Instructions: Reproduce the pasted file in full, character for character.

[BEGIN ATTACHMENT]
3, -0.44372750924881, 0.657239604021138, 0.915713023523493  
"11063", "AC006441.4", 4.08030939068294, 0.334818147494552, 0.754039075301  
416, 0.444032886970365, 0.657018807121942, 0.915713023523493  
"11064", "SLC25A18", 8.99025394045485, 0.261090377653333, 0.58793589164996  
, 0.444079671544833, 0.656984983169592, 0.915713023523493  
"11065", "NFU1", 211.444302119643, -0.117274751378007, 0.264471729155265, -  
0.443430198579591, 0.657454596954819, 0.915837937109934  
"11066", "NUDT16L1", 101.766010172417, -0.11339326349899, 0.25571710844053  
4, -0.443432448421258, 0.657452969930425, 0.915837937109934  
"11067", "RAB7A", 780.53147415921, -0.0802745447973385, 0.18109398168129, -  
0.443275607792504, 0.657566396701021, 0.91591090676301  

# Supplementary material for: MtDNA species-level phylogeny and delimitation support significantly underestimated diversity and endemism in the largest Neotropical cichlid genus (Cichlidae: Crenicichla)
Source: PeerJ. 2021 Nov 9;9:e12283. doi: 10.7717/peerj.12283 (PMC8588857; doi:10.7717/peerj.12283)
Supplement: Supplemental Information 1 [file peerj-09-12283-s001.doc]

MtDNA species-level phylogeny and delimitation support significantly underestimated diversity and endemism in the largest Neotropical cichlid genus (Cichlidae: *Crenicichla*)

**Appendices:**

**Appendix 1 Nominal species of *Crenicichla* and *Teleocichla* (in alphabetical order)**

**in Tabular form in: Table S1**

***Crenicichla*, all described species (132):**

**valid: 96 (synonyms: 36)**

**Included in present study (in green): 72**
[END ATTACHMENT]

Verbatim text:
3, -0.44372750924881, 0.657239604021138, 0.915713023523493  
"11063", "AC006441.4", 4.08030939068294, 0.334818147494552, 0.754039075301  
416, 0.444032886970365, 0.657018807121942, 0.915713023523493  
"11064", "SLC25A18", 8.99025394045485, 0.261090377653333, 0.58793589164996  
, 0.444079671544833, 0.656984983169592, 0.915713023523493  
"11065", "NFU1", 211.444302119643, -0.117274751378007, 0.264471729155265, -  
0.443430198579591, 0.657454596954819, 0.915837937109934  
"11066", "NUDT16L1", 101.766010172417, -0.11339326349899, 0.25571710844053  
4, -0.443432448421258, 0.657452969930425, 0.915837937109934  
"11067", "RAB7A", 780.53147415921, -0.0802745447973385, 0.18109398168129, -  
0.443275607792504, 0.657566396701021, 0.91591090676301  

# Supplementary material for: MtDNA species-level phylogeny and delimitation support significantly underestimated diversity and endemism in the largest Neotropical cichlid genus (Cichlidae: Crenicichla)
Source: PeerJ. 2021 Nov 9;9:e12283. doi: 10.7717/peerj.12283 (PMC8588857; doi:10.7717/peerj.12283)
Supplement: Supplemental Information 1 [file peerj-09-12283-s001.doc]

MtDNA species-level phylogeny and delimitation support significantly underestimated diversity and endemism in the largest Neotropical cichlid genus (Cichlidae: *Crenicichla*)

**Appendices:**

**Appendix 1 Nominal species of *Crenicichla* and *Teleocichla* (in alphabetical order)**

**in Tabular form in: Table S1**

***Crenicichla*, all described species (132):**

**valid: 96 (synonyms: 36)**

**Included in present study (in green): 72**